Many of the deficiencies of the virus adsorbents of the prior art are overcome by the present method. For example, the treated activated carbon media binds virus so that a high pressure stream of fluid including organics passing through the virus containing treated media will not elute virus. The exhaustion or any ineffectiveness of 3,770,625 Patented Nov. 6, 1973 of water.
DETAILED DESCRIPTION Media for adsorbing virus such as activated carbon are treated with an inorganic sodium containing hydrolyzing composition such as sodium hydroxide. Various grades of readily available activated carbons such as Columbia, Pittsburgh, Barnebey-Cheney, Continental, Bone Char, Acticarbone, Cochranex, Carboraifin, by way of illustration and not limitation, can be used as the medium. Such carbons can be prepared from a variety of sources such as Wood, bones, blood, carbohydrates, coal, coconut shells, corncobs and cornstalks, kelp, lignite, nut shells, oil shale, petroleum coke, rubber waste and sawdust. The source material is generally activated by methods well-known in the prior art, such as pyrolysis of the source material followed by controlled oxidation.
The activated carbon employed may be in various forms, for example it may be in granular, powdered or pelleted form or combined in preformed materials such as fibers, slurry, paper or other supporting media. Because of a high adsorption rate, granular carbons are preferred. A mesh size of less than about is peferred but larger sizes are suitable where higher flow rates are desirable.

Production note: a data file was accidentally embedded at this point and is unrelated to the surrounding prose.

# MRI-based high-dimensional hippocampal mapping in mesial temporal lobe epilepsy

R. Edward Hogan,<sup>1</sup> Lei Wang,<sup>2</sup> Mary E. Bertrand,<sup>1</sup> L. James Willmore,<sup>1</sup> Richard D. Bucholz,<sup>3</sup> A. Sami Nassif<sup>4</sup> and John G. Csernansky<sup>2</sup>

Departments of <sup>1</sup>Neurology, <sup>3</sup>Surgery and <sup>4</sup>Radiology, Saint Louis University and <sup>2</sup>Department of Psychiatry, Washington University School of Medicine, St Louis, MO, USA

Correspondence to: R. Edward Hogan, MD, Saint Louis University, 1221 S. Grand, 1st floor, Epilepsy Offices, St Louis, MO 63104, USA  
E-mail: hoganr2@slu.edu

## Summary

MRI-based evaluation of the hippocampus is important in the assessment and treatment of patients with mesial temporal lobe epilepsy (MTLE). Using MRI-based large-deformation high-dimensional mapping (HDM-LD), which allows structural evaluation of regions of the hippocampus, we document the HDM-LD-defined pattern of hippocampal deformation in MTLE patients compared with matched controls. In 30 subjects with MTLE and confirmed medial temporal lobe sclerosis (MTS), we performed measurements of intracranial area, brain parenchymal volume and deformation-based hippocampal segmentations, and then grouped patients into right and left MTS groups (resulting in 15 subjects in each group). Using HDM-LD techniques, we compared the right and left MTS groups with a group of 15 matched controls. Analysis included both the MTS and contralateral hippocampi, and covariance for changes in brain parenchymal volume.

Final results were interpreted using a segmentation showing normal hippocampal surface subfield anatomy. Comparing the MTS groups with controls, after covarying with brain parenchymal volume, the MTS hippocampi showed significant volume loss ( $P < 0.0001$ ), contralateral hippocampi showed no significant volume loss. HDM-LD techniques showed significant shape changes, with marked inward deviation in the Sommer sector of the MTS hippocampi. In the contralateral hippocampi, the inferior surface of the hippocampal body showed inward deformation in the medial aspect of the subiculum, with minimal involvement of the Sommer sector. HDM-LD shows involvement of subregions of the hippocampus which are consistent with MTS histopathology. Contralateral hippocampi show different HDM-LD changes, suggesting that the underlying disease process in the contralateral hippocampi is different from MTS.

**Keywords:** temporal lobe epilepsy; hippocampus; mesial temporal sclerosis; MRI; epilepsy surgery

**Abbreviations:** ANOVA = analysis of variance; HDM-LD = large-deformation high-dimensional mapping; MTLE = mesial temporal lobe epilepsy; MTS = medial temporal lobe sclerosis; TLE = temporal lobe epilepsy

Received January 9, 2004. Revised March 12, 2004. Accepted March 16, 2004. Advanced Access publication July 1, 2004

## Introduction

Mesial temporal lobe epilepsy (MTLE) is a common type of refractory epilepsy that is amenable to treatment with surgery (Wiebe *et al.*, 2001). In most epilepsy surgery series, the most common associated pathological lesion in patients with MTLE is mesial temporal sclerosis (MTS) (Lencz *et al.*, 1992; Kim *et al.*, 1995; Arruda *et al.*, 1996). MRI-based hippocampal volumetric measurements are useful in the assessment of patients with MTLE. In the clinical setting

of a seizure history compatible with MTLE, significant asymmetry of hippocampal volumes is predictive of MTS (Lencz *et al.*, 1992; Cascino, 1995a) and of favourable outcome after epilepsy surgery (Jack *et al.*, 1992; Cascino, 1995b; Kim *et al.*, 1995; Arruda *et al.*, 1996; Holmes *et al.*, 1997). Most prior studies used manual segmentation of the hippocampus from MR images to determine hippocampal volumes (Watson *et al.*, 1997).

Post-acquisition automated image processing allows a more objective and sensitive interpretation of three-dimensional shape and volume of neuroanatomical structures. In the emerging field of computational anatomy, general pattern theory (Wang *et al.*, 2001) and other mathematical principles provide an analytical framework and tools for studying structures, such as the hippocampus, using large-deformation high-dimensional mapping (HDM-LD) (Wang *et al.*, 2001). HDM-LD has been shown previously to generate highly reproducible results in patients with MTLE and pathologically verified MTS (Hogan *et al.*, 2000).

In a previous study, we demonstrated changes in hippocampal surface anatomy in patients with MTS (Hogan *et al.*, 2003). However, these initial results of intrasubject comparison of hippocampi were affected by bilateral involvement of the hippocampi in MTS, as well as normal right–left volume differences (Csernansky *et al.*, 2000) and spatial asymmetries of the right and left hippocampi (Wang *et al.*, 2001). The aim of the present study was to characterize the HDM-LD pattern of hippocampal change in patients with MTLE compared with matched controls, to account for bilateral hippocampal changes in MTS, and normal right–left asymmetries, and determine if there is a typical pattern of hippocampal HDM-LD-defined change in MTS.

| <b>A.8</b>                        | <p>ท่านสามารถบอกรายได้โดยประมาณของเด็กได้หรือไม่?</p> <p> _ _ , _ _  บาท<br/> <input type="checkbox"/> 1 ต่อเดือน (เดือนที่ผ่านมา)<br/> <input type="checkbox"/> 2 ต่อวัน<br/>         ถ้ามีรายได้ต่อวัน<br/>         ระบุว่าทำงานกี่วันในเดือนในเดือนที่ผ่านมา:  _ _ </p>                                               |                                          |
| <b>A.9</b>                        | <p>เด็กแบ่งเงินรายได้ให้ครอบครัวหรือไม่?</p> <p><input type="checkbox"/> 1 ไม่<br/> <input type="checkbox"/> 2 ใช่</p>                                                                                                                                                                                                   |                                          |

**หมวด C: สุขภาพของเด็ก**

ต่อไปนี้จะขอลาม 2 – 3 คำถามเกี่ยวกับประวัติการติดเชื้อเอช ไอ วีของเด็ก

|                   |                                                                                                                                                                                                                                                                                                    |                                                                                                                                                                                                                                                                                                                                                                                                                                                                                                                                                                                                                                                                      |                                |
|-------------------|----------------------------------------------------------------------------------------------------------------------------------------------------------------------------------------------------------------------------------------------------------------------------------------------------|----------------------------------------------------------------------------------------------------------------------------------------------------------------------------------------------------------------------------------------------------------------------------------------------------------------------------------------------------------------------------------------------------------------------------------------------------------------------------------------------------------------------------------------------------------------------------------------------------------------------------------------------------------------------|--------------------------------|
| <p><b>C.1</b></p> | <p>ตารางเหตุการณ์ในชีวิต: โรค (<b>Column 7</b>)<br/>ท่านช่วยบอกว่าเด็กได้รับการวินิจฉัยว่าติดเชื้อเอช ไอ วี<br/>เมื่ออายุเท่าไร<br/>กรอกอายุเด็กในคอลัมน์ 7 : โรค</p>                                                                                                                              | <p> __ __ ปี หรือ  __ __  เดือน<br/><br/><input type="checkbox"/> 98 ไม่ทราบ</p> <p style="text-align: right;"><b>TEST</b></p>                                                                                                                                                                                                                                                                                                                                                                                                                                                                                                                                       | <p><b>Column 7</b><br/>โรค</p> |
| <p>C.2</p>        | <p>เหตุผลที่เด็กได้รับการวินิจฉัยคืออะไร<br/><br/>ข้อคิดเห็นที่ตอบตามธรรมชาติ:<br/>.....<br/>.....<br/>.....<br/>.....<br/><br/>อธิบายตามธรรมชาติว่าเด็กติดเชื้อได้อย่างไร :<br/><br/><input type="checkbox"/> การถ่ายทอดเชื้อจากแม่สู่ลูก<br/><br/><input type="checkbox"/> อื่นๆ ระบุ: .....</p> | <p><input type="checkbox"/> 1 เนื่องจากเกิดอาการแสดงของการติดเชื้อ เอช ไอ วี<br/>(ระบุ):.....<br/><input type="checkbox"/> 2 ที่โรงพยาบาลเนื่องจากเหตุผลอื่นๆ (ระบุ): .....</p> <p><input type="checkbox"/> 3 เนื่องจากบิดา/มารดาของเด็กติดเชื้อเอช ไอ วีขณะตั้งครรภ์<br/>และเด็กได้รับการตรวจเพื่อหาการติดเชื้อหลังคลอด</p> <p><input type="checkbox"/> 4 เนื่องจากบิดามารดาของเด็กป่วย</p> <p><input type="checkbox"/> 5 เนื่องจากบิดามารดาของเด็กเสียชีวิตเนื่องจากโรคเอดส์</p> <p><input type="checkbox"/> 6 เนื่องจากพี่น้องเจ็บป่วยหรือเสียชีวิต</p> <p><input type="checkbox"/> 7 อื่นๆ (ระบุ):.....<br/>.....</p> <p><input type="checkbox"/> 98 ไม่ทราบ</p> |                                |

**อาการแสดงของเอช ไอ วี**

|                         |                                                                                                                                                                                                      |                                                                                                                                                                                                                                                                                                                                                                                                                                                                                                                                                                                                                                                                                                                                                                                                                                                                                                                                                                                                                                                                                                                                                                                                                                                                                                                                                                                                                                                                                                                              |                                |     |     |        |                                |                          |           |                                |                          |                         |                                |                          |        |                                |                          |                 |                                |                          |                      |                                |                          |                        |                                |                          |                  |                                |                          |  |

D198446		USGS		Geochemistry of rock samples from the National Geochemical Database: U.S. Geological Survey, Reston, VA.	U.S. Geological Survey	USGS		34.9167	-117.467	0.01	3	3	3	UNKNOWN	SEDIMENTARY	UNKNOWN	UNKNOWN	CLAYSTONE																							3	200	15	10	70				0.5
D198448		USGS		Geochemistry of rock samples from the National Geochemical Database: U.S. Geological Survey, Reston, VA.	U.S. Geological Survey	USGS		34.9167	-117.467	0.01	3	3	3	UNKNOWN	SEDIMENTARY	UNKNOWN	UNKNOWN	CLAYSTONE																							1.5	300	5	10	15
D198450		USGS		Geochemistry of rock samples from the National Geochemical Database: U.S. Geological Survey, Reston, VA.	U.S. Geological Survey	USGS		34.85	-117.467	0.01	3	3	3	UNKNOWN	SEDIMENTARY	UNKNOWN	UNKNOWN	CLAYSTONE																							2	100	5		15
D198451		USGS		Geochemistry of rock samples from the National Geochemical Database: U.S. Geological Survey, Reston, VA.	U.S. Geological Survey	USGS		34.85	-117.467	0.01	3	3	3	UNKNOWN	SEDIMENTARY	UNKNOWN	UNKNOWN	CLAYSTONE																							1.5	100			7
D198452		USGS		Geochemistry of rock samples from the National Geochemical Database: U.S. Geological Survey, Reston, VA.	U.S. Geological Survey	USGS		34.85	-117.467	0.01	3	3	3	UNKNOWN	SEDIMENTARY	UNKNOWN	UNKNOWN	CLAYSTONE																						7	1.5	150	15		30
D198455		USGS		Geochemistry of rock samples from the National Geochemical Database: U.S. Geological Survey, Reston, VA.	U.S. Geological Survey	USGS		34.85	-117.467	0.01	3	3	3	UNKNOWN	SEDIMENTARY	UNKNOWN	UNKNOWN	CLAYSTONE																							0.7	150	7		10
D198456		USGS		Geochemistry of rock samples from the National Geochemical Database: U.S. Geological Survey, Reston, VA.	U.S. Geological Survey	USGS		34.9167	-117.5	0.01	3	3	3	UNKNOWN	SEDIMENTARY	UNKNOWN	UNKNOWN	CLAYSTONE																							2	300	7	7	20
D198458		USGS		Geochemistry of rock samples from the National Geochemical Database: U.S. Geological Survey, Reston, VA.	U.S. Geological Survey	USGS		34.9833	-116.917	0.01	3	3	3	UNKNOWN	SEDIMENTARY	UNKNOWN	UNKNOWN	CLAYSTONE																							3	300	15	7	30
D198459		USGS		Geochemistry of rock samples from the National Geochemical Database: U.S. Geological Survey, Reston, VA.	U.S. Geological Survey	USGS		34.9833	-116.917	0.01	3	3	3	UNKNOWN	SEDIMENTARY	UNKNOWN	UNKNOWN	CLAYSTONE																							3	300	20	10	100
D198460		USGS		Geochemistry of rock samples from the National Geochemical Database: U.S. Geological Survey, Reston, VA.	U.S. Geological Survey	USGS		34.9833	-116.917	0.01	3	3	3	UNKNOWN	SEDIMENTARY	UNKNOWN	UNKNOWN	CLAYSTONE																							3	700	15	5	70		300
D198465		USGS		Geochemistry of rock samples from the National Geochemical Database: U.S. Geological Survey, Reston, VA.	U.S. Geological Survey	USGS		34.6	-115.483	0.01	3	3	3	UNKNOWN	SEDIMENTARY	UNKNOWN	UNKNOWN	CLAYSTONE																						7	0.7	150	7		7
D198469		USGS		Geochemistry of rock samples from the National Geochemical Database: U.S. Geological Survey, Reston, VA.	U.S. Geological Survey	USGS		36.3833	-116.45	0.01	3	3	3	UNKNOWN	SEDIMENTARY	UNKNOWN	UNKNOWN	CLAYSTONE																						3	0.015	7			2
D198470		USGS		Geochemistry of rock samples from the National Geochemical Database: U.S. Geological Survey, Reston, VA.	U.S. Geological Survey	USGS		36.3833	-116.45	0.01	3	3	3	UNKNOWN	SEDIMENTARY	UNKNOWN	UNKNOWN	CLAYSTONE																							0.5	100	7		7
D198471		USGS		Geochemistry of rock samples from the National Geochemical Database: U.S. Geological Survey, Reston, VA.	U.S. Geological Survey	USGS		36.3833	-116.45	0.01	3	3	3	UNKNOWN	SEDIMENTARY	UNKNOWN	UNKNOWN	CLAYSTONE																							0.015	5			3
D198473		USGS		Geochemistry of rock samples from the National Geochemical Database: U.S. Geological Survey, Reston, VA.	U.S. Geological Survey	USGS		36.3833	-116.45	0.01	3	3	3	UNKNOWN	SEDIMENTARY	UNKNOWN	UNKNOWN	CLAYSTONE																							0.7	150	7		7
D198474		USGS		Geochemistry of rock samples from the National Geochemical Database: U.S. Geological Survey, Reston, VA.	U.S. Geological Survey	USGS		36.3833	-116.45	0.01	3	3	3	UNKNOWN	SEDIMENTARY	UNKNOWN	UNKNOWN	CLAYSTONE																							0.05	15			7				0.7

Preferably the activated carbon has pores with diameters of from about 25 to about 300 angstroms, prefererably from about 50 to about 200 angstroms. Preferably about 20 percent of the pores are within the above ranges.
The virus adsorbing medium is treated with an inorganic sodium containing hydrolyzing composition. The hydrolyzing composition is brought into contact with the medium through any system that produces sodium hydroxide. Preferably the hydrolyzing composition is an aqueous solution of sodium hydroxide.
The concentration of sodium hydroxide in the aqueous solution is not critical in the treatment of the media. The contact time is, however, to some extent dependent on the concentration of sodium hydroxide. Generally, a contact time of a few minutes to about one hour is sufiicient, and greater contact times do not appreciably enhance the adsorption characteristics of the treated activated carbon. Lower concentrations of sodium hydroxide require an increase in contact time. Preferably the concentration of sodium hydroxide is from about 0.001 to about 3 moles per liter of water.
When activated carbon is employed as the media the surface of the activated carbon should be sufficiently wetted prior to treatment or during treatment to permit the contacting of the sodium hydroxide with the maximum surface area available. The treatment is normally carried out at room temperature and the temperatures employed during treatment of the media are not presently considered to be critical.
Preferably the virus adsorbing media is contacted with 'an inorganic acid prior to its treatment with sodium hydroxide. The use of an inorganic acid apparently results in an increase in the virus adsorbing sites when the adsorbing media is subsequently treated with sodium hydroxide. Although aqueous solutions having varying concentrations of acid were found to be effective, acid solutions having a normality from about 0.01 to about 1 are preferred. An aqueous solution of hydrochloric acid is exemplary.